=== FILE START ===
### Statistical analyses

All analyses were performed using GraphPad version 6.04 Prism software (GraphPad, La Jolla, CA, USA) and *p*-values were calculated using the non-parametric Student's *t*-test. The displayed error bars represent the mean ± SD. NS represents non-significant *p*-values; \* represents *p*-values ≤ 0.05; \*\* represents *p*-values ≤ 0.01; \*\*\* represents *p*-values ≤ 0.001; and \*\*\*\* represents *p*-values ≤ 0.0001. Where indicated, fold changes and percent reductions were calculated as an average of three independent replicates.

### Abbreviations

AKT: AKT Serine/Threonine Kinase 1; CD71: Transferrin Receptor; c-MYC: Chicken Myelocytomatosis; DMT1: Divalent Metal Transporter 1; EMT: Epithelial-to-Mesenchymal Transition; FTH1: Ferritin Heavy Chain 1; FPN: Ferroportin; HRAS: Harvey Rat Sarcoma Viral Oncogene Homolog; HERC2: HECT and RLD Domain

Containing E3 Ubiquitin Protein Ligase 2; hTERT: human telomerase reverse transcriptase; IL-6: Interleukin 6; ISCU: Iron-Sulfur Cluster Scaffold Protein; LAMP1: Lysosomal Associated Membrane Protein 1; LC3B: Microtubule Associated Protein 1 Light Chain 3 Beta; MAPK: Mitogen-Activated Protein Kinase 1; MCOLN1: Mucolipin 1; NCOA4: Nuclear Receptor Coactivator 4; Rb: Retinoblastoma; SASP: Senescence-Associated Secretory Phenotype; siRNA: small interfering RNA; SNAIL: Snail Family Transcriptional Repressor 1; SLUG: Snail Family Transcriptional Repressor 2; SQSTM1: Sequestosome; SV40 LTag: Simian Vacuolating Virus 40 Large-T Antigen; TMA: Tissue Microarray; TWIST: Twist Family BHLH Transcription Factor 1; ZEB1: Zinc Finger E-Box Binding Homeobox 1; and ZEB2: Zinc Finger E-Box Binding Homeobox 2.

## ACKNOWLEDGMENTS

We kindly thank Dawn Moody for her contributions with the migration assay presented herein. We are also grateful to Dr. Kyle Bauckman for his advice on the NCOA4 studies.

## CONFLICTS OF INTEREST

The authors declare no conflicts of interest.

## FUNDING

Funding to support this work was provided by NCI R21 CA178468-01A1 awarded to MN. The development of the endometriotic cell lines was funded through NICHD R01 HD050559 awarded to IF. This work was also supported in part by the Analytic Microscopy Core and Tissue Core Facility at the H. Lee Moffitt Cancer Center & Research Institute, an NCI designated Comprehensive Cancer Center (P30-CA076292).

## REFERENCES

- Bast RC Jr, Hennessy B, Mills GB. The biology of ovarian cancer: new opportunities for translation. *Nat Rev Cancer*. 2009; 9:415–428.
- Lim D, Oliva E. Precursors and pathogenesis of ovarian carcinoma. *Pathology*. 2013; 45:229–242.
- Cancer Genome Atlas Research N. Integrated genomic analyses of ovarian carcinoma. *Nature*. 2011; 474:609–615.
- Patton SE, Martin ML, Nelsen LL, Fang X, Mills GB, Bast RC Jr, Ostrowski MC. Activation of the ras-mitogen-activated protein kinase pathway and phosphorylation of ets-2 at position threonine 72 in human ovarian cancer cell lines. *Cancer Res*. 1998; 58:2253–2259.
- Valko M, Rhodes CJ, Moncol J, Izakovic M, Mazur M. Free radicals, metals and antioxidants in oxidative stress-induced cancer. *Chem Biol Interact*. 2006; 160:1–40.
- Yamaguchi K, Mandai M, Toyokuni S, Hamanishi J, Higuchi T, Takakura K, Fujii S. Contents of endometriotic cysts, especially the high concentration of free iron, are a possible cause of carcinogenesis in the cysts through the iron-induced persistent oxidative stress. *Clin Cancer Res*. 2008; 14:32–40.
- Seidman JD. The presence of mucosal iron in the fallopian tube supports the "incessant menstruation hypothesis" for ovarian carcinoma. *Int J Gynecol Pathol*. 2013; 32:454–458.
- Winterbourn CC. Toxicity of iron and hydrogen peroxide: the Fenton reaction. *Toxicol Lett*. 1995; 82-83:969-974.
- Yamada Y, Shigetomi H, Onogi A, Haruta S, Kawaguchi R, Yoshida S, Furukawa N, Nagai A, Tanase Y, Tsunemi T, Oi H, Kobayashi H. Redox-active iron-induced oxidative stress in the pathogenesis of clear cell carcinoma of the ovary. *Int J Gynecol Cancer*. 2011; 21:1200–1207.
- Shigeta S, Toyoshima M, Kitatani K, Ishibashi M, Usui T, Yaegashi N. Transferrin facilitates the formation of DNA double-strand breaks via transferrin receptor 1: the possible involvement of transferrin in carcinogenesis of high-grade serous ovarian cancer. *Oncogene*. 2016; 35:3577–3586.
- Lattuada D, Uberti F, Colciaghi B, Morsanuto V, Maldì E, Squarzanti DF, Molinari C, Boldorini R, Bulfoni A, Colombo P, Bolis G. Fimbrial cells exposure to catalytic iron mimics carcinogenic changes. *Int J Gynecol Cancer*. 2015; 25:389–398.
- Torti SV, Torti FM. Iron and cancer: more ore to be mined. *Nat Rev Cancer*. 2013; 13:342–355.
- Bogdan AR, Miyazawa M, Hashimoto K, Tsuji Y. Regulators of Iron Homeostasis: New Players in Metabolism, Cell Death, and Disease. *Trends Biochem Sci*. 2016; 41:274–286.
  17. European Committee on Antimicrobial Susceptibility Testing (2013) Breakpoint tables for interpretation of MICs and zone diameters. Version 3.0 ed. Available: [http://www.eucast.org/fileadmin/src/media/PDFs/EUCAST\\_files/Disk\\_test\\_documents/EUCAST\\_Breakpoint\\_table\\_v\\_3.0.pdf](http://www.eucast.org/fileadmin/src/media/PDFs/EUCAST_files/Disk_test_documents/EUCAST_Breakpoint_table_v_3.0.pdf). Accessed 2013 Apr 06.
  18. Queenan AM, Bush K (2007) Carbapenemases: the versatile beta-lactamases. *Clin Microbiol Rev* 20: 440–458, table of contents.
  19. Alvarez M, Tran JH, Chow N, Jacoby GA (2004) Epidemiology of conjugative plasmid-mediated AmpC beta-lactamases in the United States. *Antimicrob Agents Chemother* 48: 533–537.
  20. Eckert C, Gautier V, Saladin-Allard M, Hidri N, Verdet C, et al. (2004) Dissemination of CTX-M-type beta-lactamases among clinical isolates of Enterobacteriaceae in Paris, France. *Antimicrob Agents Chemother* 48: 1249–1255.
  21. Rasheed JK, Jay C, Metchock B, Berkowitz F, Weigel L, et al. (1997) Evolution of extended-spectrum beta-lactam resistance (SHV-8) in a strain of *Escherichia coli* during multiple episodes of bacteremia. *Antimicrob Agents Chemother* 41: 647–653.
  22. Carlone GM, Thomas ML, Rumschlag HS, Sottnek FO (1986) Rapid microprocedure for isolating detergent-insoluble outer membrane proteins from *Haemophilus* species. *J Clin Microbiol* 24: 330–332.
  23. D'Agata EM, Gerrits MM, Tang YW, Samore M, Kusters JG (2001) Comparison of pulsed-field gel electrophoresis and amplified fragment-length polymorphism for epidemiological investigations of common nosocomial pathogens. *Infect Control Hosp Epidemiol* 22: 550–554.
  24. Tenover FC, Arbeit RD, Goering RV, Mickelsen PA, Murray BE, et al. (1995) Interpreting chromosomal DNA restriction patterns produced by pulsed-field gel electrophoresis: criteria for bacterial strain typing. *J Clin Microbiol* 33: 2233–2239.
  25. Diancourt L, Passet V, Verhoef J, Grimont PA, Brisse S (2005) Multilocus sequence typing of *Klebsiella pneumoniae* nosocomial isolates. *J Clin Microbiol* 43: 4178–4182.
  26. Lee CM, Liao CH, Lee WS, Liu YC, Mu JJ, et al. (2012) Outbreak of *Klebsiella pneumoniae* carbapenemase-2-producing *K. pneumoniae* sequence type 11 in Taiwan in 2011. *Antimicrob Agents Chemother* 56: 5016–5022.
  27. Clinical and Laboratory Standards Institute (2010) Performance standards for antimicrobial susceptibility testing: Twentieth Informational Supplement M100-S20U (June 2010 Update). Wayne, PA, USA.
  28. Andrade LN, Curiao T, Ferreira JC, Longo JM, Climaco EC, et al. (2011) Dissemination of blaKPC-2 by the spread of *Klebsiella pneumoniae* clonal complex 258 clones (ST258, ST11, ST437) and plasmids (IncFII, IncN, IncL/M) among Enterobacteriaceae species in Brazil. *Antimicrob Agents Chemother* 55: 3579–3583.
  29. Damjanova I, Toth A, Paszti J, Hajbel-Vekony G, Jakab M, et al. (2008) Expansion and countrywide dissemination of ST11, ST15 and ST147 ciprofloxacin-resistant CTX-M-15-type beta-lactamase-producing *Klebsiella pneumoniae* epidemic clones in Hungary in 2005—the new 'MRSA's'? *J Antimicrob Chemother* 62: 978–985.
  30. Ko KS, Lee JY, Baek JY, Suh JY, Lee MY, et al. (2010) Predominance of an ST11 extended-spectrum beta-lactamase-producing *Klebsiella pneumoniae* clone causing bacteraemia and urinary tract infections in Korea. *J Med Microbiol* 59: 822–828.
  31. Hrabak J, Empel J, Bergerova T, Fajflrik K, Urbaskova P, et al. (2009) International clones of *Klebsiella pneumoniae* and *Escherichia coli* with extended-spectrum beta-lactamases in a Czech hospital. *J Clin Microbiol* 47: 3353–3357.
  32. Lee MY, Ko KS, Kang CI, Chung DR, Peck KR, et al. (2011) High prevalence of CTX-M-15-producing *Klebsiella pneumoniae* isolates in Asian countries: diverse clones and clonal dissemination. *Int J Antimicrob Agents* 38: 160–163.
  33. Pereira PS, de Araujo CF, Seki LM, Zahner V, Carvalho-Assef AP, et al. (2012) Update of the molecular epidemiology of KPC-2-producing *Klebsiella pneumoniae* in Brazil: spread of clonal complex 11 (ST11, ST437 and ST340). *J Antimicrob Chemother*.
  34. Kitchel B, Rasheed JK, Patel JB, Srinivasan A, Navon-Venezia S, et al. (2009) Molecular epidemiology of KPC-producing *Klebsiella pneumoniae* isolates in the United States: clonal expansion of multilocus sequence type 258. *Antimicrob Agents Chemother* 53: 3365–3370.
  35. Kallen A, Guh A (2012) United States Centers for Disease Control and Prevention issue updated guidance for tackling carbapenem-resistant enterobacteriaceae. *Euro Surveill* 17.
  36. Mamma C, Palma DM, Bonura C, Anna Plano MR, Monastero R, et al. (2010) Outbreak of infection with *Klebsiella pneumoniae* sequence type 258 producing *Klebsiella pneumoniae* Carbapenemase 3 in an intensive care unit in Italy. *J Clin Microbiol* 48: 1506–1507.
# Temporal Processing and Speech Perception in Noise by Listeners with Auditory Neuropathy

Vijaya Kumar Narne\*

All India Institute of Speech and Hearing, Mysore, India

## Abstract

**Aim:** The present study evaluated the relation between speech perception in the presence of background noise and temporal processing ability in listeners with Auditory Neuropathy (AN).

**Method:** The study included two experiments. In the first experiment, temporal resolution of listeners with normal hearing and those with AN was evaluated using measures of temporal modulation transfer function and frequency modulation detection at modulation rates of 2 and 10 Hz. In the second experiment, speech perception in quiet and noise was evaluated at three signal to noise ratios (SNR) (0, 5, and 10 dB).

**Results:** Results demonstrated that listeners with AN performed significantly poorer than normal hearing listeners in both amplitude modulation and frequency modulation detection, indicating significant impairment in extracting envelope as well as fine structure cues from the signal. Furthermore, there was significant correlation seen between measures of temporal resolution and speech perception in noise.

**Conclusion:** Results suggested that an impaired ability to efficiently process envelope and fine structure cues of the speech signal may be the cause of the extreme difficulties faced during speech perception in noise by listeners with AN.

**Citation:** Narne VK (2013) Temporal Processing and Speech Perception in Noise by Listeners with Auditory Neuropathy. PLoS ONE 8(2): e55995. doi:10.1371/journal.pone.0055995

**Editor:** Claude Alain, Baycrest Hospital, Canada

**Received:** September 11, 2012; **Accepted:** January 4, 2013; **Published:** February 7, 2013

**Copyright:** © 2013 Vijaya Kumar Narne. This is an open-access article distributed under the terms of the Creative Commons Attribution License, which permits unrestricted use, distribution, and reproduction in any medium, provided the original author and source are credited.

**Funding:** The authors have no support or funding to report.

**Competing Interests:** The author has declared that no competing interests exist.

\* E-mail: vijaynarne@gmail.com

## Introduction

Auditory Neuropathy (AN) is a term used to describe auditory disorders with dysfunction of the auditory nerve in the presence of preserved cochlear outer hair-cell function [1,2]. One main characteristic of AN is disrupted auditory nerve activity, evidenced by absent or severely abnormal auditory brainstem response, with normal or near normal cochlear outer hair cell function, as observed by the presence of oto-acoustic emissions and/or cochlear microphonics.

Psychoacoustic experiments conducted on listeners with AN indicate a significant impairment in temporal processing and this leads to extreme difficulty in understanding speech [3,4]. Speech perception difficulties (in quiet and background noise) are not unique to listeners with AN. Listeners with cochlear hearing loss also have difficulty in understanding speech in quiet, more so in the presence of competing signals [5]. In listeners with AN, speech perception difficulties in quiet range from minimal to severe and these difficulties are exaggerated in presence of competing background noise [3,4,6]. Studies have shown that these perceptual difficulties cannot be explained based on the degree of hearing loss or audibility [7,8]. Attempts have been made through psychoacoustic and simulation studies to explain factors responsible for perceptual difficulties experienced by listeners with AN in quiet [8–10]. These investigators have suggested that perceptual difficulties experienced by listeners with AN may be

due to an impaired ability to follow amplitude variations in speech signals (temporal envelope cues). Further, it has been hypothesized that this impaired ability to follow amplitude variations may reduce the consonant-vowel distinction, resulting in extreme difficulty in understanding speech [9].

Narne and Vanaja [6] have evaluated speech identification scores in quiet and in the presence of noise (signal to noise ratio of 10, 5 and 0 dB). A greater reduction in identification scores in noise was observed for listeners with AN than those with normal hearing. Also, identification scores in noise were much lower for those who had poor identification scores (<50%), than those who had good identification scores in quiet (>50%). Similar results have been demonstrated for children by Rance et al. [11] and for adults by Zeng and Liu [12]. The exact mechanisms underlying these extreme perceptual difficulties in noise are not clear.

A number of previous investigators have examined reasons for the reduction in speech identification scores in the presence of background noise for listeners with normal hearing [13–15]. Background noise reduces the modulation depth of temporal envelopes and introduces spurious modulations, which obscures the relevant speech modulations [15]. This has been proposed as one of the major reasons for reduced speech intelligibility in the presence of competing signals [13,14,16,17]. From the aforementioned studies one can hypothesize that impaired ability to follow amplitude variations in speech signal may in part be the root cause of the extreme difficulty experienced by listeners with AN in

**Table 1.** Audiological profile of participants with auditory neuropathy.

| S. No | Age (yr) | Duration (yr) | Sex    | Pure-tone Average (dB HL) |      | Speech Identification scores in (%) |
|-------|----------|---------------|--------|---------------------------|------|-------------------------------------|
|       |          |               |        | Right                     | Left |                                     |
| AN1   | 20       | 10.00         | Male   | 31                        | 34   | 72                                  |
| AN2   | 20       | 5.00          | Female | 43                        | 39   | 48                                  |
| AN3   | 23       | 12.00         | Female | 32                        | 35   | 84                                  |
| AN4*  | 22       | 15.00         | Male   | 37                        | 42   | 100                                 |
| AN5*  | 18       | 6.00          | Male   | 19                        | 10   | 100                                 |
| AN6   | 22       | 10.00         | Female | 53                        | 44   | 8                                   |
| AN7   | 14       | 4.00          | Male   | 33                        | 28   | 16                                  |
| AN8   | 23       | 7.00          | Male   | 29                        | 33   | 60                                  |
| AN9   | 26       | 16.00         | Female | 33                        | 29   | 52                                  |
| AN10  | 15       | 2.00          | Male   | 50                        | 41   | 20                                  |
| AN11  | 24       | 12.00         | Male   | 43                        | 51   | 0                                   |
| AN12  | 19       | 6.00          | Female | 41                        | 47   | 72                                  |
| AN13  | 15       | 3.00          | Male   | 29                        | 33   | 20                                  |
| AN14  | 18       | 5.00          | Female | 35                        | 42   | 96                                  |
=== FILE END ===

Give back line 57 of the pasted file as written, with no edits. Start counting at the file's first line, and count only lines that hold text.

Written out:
**Copyright:** © 2013 Vijaya Kumar Narne. This is an open-access article distributed under the terms of the Creative Commons Attribution License, which permits unrestricted use, distribution, and reproduction in any medium, provided the original author and source are credited.